Elsewhere in the world, everything seemed as normal as the rest of the world could seem. Romania was on the brink of revolution, its dictator Nicolae Ceauşescu, having failed to deliver his final speech because of the rioting people, had retreated for the night. The Ursid meteor shower was making its usual meager display. The winter solstice was being celebrated in the north by those who celebrated the seasons, and summer was being welcomed with glad tidings of great joy in the south. Christmas shoppers the world over were rushing about trying desperately to make their last minute purchases before the good presents were all taken. Phileas Foote was wrapping a newborn baby tightly in a satiny yellow blanket, his hands shaking slightly as he thought of what he would do next.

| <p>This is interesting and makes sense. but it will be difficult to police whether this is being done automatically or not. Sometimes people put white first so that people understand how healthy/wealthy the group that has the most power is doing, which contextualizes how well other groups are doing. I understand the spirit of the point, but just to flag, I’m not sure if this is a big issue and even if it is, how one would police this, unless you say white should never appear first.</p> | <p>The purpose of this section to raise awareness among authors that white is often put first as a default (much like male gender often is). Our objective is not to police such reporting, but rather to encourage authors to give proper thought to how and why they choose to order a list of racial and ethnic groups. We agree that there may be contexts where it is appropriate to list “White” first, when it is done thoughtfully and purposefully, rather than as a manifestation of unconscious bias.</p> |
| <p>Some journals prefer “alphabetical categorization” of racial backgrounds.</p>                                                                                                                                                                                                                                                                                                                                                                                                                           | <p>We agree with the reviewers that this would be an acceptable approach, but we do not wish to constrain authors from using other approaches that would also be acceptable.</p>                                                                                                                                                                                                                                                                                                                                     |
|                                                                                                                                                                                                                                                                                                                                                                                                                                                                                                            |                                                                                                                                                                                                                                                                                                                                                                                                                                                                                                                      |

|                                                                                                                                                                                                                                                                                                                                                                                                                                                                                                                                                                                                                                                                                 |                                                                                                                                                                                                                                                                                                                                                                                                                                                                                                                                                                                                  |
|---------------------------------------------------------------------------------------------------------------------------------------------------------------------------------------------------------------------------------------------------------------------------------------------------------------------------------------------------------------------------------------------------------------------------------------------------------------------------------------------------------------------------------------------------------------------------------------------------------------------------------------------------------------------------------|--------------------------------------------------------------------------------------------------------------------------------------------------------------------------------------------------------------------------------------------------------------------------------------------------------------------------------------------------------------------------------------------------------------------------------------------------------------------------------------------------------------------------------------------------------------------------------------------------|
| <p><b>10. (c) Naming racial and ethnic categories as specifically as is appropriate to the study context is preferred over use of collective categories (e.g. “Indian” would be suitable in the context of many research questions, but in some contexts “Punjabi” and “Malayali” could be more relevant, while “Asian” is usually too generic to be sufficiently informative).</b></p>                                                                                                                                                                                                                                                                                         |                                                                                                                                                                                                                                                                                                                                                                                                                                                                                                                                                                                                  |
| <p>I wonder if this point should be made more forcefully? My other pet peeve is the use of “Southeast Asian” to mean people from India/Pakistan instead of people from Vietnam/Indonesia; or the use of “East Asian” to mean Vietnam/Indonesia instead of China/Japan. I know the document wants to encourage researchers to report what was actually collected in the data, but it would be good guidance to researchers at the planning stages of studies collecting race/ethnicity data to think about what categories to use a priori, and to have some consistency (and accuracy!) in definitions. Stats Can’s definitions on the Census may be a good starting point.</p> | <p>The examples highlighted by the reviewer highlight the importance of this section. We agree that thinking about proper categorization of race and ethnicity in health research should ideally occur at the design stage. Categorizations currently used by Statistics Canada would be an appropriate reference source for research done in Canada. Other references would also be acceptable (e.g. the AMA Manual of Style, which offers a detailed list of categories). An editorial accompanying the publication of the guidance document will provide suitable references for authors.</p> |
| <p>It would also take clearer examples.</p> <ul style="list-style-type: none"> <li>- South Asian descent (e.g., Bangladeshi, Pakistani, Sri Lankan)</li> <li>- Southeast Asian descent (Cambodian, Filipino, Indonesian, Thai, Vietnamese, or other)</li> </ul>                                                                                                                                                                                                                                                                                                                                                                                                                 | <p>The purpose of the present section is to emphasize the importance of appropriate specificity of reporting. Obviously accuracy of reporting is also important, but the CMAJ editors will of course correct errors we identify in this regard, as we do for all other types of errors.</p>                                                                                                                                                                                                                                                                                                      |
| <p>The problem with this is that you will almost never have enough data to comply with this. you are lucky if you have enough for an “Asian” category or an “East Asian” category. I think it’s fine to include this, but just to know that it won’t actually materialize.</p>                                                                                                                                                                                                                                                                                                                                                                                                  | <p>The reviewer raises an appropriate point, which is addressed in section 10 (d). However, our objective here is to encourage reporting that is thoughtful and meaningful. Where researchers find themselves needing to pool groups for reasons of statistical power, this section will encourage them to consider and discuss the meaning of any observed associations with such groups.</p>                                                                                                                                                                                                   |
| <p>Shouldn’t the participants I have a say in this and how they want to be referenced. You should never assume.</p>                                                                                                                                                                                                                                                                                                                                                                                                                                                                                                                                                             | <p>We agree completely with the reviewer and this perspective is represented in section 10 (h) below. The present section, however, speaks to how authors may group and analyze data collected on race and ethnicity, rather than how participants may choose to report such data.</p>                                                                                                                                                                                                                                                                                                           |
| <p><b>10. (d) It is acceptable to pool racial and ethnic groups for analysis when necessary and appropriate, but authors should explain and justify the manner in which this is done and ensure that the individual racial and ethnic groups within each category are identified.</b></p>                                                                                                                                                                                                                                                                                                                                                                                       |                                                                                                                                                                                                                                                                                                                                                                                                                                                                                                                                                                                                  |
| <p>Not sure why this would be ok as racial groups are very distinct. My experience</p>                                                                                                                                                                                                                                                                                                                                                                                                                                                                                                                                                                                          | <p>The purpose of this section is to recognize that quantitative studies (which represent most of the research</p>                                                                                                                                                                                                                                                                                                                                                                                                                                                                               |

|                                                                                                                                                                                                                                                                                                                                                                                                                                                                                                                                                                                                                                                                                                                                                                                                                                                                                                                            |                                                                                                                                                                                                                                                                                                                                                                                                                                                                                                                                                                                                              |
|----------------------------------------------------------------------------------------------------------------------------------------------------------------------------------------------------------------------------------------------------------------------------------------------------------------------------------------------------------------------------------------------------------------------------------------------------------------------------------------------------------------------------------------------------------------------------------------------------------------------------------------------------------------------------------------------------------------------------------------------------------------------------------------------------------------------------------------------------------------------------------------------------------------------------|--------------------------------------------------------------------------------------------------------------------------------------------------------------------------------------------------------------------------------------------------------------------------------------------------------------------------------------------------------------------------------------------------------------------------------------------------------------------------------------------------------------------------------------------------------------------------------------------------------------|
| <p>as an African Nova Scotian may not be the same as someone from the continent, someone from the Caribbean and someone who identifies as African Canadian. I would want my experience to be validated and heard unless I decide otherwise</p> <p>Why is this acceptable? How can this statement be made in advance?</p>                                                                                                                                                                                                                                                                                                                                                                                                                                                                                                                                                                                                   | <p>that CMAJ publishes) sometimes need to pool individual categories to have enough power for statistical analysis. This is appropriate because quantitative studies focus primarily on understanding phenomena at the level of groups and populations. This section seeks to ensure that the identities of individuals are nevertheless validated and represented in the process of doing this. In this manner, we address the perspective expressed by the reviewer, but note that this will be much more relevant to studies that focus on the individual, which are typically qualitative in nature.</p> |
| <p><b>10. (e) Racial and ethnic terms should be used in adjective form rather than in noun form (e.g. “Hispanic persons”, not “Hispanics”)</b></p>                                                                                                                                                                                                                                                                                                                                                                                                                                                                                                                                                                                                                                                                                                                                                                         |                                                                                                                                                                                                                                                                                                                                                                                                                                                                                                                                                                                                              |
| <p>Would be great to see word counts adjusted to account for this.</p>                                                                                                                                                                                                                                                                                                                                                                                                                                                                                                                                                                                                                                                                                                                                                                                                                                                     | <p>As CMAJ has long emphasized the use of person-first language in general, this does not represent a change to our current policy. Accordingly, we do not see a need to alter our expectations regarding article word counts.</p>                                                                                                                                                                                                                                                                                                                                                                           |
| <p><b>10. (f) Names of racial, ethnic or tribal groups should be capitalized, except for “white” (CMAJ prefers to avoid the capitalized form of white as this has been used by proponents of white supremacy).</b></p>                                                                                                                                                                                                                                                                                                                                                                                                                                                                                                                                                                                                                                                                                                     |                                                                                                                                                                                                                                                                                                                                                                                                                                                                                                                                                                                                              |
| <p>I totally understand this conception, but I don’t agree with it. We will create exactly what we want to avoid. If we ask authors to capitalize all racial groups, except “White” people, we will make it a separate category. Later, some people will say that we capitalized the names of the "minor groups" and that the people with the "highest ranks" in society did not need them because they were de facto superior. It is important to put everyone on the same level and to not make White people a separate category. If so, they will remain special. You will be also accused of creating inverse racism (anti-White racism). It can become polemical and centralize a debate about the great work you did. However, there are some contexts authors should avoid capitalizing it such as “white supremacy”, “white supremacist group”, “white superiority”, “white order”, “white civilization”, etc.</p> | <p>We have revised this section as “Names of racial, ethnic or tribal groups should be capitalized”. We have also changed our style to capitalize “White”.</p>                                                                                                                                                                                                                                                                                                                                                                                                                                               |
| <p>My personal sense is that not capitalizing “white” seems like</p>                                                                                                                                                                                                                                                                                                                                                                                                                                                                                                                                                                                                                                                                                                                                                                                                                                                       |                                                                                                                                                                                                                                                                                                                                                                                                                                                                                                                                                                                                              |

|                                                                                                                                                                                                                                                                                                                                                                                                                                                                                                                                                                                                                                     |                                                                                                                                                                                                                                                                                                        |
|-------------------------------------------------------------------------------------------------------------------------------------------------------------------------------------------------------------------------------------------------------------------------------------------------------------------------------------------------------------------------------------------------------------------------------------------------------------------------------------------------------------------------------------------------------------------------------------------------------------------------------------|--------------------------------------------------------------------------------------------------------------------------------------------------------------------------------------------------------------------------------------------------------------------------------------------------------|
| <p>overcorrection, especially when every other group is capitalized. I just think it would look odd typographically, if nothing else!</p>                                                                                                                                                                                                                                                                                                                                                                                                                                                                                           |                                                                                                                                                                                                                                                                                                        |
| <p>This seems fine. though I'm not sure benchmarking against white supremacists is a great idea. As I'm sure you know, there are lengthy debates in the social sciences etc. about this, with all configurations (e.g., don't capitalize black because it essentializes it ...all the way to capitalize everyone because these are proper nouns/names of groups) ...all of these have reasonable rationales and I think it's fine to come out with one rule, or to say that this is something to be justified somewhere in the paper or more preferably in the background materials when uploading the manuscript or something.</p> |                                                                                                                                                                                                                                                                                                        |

“Swear to me you will treat her well, Phileas,” Evelyn Reece whispered with tears in her sweet gray eyes. “Swear to me that you will guard her with your life.”

“I swear I will guard her with my very soul, Evelyn. This is the only way,” he replied quietly. “They’ll arrive soon. We haven’t much time.”

Evelyn whimpered miserably, but her husband, patient and warm as ever, placed a gentle hand against her cheek. “She’ll be fine, Evelyn. Foote will take care of her,” he whispered. “Be strong now, love. Be brave… for Elindea.”

The air around them reverberated with a resounding pop, and Evelyn fell hysterically against her pillow. “Go! Go now! They’re coming for her!” she cried quietly.

“You have done the noblest deed, Evelyn,” Phileas said quickly, kissing the woman on her brow. “Brother,” he said, turning to Murphy Reece with a solemn gaze, “you are the first father of this new age. Bless you. I will keep her safe.”

“I know you will, Phileas. Now, go.”

And with that, Phileas Foote wrapped the tattered traveling cloak around himself and the newborn child, and with a whisper the two disappeared, floating away on a gust of wind to the sound of footfalls on the stairs and shrieks of a horrendous battle not far behind.

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A Series by Luthien T. Kennedy